Patients who have glaucoma or Retinitis Pigmentosa almost always lose much of their peripheral vision (being able to see out of the corner of the eyes to the sides while looking straight ahead). We use our peripheral vision for mobility and to find things. Limited peripheral vision can cause people to bump and collide into things while walking as well as tripping.
A way to think about limited peripheral vision is to imagine looking through a tube. The vision within the tube might be very good but the only way someone can see objects in their path when walking is to move their head left, down, right, up and center to cover all fields of vision. This action is conceptually simple but actually is a bit of a challenge to learn. It is unnatural for us to have to look in every direction when we walk.
Scanning is the technique we teach people who have limited peripheral vision better negotiate their environment. This technique involves practicing to learn to move someone’s head systematically to enable them to see items.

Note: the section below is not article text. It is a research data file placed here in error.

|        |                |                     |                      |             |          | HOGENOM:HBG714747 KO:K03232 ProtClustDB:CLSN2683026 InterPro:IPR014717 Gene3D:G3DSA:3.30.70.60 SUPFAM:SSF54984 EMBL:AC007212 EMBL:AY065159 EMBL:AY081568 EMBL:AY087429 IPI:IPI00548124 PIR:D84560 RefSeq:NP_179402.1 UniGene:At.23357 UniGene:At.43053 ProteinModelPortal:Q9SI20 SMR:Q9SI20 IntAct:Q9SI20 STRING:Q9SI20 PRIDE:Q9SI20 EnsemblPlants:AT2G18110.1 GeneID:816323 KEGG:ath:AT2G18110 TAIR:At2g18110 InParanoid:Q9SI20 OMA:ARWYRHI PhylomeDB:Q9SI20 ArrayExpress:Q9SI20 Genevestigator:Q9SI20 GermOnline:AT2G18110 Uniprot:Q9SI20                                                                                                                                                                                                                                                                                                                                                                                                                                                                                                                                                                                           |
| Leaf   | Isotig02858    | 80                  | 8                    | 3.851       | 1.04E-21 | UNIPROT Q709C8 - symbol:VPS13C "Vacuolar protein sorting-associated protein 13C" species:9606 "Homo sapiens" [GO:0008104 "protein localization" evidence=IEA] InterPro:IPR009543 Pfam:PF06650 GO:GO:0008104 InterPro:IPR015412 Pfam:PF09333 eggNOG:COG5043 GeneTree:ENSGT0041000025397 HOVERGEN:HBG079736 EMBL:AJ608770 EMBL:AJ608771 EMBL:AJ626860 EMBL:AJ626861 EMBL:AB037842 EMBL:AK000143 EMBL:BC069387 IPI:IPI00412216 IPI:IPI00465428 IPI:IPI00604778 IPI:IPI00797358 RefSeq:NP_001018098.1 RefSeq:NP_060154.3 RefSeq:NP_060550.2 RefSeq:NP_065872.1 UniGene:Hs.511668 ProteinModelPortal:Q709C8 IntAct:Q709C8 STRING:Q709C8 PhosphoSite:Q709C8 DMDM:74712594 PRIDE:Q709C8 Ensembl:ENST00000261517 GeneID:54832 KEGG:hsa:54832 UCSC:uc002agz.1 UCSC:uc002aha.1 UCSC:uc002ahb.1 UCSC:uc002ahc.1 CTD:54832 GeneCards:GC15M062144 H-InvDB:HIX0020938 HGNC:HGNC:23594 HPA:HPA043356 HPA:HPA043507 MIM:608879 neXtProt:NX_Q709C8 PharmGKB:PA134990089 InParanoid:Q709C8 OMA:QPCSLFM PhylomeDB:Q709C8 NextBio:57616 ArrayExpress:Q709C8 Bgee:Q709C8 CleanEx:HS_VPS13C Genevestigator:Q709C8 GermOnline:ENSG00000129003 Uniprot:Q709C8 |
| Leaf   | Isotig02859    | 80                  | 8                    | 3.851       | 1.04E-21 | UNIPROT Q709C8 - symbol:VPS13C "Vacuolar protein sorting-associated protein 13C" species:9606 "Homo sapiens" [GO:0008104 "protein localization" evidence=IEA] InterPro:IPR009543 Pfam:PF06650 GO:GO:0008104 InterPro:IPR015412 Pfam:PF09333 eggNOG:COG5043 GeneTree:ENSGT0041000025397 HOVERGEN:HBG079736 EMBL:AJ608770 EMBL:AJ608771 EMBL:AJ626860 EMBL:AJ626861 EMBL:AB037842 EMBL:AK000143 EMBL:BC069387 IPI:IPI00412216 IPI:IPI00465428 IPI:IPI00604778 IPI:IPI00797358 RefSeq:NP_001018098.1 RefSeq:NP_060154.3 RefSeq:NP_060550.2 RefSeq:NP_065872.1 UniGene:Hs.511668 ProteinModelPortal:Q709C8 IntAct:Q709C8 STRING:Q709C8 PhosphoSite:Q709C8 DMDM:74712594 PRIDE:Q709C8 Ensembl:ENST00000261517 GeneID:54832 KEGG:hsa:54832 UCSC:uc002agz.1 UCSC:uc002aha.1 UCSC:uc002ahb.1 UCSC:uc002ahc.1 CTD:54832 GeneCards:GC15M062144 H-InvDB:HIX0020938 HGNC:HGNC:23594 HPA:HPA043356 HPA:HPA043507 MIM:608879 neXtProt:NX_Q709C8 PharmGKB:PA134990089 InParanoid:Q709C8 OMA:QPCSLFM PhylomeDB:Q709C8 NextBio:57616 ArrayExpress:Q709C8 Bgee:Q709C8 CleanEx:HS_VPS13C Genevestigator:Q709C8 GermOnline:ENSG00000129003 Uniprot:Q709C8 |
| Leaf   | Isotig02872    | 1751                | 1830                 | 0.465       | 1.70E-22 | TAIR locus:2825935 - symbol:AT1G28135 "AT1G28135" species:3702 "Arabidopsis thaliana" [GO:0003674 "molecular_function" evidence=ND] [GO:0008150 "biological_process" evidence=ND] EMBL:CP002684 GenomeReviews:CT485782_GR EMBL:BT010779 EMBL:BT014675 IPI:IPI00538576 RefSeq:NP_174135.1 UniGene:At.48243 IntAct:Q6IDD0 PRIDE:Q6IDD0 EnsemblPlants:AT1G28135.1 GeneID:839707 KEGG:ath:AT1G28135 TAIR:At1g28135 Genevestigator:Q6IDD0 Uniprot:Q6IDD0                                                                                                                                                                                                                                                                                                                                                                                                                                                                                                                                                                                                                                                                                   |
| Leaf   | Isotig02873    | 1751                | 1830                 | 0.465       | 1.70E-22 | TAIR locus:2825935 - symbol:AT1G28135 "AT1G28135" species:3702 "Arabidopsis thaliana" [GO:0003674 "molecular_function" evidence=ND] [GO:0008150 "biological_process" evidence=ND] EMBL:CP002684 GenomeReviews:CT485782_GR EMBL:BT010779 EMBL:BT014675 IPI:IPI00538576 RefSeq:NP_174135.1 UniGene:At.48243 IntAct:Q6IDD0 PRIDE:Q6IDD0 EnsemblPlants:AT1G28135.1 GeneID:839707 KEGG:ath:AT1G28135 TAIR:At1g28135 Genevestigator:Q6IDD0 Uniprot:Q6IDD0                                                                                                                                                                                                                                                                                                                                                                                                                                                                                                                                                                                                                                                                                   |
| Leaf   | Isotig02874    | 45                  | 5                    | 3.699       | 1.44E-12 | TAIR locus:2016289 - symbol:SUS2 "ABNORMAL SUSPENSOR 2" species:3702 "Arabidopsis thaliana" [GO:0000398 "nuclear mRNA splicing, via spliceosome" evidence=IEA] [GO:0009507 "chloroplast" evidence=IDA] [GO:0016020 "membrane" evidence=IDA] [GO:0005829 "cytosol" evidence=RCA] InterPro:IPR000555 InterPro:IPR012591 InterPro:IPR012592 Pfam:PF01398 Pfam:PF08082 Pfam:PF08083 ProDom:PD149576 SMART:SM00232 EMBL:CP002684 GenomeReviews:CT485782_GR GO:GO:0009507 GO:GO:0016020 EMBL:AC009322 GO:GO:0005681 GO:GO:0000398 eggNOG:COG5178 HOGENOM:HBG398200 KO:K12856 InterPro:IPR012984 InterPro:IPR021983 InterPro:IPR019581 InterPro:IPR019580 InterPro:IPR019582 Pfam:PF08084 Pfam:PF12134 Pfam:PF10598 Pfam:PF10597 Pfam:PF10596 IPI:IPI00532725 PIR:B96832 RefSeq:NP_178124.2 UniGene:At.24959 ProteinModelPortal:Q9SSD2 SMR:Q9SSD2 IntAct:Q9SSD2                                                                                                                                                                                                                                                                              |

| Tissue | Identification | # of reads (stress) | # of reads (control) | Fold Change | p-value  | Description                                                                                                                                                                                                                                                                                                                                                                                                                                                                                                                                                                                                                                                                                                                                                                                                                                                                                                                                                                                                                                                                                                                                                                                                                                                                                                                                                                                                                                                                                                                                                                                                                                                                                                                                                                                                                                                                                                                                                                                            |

We teach patients an exercise, using a paper and pencil, to help them learn how to scan effectively. Our occupational therapist creates a sheet with many different letters printed at random on the page. The low vision patient now has to find all same letters (“A” for example) and circle them. Another way to practice is to have a friend or family member scatter items on a table or bed and have the low vision patient scan all directions to locate them all. To make it this exercise even more challenging, we scatter items on the floor in random places over several rooms.
These scanning techniques should be practiced repeatedly until they become more natural. When scanning is mastered, the risk of bumping into things and tripping is significantly reduced.
Thank you to Susan Gelfman, one of our occupational therapists, for this article.